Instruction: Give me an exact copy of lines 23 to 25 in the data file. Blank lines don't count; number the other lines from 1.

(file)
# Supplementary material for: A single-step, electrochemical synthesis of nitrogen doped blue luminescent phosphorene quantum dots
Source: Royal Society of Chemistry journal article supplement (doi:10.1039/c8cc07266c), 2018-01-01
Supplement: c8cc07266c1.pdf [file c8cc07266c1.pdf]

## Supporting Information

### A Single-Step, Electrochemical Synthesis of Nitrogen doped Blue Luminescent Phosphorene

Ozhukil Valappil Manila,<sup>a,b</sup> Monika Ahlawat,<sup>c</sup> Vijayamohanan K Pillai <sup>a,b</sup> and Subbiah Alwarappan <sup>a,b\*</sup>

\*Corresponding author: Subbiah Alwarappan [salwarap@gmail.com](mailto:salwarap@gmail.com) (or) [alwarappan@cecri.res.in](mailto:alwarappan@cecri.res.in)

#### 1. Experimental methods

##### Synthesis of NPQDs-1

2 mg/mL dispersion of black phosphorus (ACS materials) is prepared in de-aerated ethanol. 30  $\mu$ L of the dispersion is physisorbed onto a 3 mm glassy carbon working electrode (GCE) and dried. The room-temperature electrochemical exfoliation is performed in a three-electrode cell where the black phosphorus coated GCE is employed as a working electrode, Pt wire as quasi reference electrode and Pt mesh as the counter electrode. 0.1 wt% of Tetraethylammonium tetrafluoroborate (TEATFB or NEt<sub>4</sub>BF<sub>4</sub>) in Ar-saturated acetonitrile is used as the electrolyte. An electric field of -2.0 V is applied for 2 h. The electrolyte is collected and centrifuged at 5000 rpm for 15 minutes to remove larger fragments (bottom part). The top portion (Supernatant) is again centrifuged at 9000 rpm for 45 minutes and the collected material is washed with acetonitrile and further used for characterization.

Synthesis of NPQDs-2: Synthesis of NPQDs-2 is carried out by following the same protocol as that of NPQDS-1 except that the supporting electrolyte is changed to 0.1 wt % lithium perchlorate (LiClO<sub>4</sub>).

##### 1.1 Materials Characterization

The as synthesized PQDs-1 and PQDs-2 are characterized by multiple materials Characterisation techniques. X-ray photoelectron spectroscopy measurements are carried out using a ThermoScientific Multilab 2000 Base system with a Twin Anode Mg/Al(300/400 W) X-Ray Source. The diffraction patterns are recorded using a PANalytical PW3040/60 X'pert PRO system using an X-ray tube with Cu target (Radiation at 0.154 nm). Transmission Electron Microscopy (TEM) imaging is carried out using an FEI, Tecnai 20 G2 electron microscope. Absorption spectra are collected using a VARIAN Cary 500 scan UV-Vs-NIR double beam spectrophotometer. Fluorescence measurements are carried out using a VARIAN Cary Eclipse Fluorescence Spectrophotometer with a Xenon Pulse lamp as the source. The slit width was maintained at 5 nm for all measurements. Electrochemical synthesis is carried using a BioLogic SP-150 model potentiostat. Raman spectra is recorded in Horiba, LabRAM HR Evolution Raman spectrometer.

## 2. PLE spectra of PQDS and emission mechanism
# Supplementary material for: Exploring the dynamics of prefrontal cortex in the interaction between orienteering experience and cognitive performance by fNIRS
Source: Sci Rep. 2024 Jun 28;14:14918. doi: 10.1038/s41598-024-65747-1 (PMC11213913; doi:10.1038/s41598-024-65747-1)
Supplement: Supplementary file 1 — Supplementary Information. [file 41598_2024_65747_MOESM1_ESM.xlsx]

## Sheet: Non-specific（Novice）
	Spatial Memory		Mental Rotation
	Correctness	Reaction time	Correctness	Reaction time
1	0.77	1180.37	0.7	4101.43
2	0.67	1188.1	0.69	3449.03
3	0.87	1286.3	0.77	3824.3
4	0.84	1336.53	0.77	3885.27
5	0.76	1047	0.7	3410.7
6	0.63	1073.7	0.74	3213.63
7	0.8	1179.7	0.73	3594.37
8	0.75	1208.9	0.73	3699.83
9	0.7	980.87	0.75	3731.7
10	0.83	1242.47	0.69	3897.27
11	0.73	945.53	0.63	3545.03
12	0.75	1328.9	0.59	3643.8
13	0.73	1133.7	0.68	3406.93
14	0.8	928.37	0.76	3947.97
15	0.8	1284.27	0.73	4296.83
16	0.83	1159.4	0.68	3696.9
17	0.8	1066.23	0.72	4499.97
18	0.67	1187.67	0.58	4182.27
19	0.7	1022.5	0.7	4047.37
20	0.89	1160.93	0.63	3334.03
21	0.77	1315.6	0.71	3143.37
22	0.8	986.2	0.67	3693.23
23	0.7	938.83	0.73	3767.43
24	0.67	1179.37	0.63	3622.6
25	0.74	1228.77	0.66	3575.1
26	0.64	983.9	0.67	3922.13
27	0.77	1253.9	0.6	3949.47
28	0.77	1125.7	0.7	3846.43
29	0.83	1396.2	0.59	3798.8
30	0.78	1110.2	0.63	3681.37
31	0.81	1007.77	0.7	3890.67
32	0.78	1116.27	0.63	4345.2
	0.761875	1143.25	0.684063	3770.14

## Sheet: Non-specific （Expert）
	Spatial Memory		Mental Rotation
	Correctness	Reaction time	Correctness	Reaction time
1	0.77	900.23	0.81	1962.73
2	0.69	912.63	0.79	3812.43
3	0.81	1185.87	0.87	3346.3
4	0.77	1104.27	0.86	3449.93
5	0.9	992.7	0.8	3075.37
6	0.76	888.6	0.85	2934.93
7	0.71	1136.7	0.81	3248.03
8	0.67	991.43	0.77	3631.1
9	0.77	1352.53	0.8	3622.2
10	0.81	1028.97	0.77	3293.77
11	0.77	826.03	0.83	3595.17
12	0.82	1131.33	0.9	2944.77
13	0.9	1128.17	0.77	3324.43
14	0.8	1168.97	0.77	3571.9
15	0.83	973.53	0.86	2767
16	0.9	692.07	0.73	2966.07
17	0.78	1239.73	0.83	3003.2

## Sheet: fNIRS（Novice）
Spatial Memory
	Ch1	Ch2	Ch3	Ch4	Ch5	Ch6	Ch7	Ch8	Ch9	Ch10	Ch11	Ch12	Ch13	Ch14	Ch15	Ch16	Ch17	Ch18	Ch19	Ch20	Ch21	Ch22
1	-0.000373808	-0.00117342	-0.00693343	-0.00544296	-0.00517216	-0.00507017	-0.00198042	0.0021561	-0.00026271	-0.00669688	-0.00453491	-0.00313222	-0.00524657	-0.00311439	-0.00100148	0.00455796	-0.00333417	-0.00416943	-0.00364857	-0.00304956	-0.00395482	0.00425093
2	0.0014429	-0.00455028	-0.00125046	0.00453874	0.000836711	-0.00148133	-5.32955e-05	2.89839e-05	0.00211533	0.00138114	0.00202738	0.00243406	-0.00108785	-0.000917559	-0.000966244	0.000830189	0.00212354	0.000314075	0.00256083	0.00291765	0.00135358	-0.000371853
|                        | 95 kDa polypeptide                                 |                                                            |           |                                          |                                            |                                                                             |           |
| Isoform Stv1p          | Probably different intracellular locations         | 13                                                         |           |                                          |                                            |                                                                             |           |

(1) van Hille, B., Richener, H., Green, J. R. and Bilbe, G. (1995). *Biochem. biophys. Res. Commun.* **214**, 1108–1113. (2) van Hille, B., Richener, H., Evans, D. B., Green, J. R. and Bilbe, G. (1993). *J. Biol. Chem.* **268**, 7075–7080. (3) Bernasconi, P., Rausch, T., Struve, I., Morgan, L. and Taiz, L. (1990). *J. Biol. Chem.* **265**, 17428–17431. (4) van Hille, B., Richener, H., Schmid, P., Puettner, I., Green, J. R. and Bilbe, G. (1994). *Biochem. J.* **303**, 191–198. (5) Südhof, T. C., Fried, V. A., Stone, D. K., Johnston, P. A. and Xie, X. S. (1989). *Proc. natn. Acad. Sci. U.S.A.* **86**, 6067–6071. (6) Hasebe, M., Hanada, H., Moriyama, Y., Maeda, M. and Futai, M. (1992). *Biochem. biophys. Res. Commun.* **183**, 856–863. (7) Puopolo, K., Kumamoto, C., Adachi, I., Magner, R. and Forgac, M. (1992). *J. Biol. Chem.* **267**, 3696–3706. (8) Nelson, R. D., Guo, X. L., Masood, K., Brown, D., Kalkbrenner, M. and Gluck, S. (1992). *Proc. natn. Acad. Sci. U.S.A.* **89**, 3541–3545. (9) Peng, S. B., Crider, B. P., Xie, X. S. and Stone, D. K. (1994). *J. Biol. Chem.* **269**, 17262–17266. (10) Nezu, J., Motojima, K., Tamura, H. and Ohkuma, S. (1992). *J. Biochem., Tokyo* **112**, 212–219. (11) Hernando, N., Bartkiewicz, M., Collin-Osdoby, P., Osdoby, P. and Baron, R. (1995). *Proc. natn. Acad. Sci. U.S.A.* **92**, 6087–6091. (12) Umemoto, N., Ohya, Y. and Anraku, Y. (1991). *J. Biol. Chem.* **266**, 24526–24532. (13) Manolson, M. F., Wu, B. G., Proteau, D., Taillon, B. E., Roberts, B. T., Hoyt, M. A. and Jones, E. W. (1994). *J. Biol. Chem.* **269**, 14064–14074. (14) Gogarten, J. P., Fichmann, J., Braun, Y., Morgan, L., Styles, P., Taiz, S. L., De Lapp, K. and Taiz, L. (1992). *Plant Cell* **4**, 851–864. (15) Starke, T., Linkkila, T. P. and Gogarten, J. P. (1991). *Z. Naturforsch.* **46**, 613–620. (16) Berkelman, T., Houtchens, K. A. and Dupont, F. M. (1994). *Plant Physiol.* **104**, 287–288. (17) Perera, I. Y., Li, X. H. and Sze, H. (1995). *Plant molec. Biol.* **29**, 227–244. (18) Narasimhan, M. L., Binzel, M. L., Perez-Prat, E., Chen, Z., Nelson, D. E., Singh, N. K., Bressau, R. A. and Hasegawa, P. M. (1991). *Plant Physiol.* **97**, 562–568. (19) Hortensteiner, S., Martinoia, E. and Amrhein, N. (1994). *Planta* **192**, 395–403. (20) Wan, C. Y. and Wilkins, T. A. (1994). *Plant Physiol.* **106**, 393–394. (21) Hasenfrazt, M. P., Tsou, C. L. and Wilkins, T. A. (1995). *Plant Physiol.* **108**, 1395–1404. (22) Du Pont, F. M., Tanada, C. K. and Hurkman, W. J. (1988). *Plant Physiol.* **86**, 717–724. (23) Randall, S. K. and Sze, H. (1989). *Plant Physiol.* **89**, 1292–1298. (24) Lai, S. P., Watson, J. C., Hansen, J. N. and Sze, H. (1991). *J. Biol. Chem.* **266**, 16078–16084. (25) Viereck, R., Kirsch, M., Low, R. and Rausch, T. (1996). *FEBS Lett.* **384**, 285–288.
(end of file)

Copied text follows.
3	0.87	1286.3	0.77	3824.3
4	0.84	1336.53	0.77	3885.27
5	0.76	1047	0.7	3410.7